I was still in the mood for some good old dry fly fishing for trout after my winter holiday on the Kola peninsula. The conditions up north had to improve sooner or later and I wanted to be there when it happened. So, I stuck around up in northern Norway, visiting several interesting locations on the tundra. Before I left for Kola I had been fishing this same large area known as Lappland, or Sàpmi in the local language. The area covers 400.000 km2 and stretches through both Norway, Finland, Sweden and Russia. The conditions were challenging because of high and cold water, but me and my buddy Monrad had found some decent fish using streamers. Now the conditions had gotten considerably better. Both caddis and mayflies were hatching in ever greater numbers and the fish started to move from lakes and deep pools onto the rivers to feed. As the hatches grew in intensity larger and larger fish occupied the best places and started to rise. The weather was still kind of crappy with wind and spells of heavy rain. It appeared as though things would be put on hold again, but mother nature decided against it and I experienced some of the best dry fly fishing I have ever had.
I started off with a small stream I had found earlier this year after a night of heavy satellite imagery research. It did not seem to hold a lot of fish, but I had caught a nice one weighing 1,5 kg using a self-tied rabbit strip streamer. As I eagerly approached the small pool I almost immediately saw a fish rise to a mayfly. It was about the same size as the one I had caught some weeks before and I could not believe my luck. The trout was rising near the very top of the pool, steadily and with intent. I tied on a trusty old CDC Comparadun in #16, matching the baetis variant that were hatching at the moment. On the second cast, the fish took my fly and a great fight ensued. The water temperature was only 9 degrees and the fish had enough oxygen to put up a real fight. 5 minutes later it was in the net and weighed in at 1,6 kg on my new digital scale. After the recent experience on the Kola peninsula, it felt very good to catch this fish again on a dry fly. Only minutes after the release I spotted two fishermen equipped with spin and bait rods walking up the river towards me. They were Finnish and told me they were here to catch some dinner. They asked me if there was any fish here, but I said “No, I don’t think so and I am leaving now”. Hopefully I just saved the life of the trout, now hiding out in the pool with a slightly sore lip.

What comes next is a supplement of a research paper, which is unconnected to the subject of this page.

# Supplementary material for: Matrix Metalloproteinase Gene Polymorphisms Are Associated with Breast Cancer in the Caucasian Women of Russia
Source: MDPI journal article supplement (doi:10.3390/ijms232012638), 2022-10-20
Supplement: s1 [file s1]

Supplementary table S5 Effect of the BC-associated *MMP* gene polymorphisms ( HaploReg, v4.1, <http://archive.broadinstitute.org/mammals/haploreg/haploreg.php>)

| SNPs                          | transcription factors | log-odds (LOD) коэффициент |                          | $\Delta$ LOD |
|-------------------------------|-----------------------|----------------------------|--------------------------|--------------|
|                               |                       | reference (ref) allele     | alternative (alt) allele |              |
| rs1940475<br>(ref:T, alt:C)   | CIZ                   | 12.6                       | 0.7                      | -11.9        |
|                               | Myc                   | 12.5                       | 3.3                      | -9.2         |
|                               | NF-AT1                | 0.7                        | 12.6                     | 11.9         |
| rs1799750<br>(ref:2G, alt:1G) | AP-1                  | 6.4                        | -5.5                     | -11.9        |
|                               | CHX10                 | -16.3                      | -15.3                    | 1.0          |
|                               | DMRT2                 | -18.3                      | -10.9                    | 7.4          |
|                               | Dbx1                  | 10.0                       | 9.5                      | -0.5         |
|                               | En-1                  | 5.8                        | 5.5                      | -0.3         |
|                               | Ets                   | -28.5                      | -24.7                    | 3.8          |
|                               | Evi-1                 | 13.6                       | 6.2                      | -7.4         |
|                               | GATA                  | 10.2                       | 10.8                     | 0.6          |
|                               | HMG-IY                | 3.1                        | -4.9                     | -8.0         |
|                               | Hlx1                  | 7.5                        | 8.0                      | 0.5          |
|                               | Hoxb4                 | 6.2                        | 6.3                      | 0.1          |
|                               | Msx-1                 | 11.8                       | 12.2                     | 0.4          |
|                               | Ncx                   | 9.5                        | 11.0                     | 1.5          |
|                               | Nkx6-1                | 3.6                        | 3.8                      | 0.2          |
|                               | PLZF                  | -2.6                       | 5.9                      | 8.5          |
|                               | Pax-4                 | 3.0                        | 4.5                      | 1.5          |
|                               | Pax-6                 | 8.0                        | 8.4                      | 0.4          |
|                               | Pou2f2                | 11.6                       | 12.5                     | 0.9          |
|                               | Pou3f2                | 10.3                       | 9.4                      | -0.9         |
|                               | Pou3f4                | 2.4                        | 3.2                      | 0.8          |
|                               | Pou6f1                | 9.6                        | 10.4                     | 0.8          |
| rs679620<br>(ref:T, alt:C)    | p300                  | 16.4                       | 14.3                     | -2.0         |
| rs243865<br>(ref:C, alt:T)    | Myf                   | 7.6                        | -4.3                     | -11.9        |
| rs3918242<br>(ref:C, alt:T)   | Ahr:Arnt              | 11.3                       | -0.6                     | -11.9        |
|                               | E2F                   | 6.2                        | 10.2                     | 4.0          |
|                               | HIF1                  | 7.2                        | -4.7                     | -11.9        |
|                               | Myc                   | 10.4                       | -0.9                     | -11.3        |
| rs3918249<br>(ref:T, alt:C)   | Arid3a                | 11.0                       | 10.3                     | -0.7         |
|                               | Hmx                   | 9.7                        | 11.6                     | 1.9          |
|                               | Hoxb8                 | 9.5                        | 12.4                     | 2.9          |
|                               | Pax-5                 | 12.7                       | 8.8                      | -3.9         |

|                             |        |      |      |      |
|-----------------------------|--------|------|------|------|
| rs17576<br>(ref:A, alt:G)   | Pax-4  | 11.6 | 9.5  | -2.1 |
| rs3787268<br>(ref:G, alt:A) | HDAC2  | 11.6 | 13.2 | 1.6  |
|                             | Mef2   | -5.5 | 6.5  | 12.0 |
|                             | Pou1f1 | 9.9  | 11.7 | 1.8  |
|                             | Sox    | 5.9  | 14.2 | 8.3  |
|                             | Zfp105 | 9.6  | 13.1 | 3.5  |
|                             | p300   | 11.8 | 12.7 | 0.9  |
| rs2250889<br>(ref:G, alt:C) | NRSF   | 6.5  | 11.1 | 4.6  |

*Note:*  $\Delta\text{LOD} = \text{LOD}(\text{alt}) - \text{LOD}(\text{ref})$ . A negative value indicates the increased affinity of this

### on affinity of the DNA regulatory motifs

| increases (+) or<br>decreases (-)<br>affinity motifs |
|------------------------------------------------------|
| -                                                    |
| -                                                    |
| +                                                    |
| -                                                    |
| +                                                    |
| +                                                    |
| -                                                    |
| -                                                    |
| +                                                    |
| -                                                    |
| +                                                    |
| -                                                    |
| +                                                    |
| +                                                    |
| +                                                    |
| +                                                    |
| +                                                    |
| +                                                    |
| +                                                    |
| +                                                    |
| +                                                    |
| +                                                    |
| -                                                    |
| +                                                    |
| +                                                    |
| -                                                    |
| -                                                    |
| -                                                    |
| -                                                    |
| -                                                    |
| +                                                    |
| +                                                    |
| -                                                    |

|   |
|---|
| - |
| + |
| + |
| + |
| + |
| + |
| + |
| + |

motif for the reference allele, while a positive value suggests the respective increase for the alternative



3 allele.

I continued my journey westwards and drove for some hours and walked for one hour to another promising spot I had found some weeks earlier. Then nothing was happening there, but now I first saw some whitefish rising in the slow water next to the bank. I decided to hang out a bit to see if I could spot some trout instead. The whitefish has a different kind of rise, slower and more delicate. Soon after I saw a different kind of rise, a much more aggressive one. And the water it moved left no question, it surely had to be a trout. The vegetation was pretty dense so I decided on drifting a mayfly down towards it from about 15 meters upstream where I had some room for casting. I mended heavily as the fly edged closer towards the fish, and then it took the fly with a big splash! I set the hook and immediately noticed a very bright red color. I thought it might be a char, although unusual in these waters it was not impossible. Finally, I saw it was a beautiful trout dressed in a very dark red camouflage and it weighed in at 1,5 kg.
It was time to make camp and I decided on a new spot not far from the main road going through the tundra. There was a big lake nearby and a small stream with some pools flowed into it. Before tucking in I decided to investigate further and then I saw a small rise. The fish took something under the surface and it was impossible to see how big it was. One cast later the fish was on and it weighed in at 1,4 kg. This is when I started to realize that I might have some really good days of dry fly fishing ahead of me.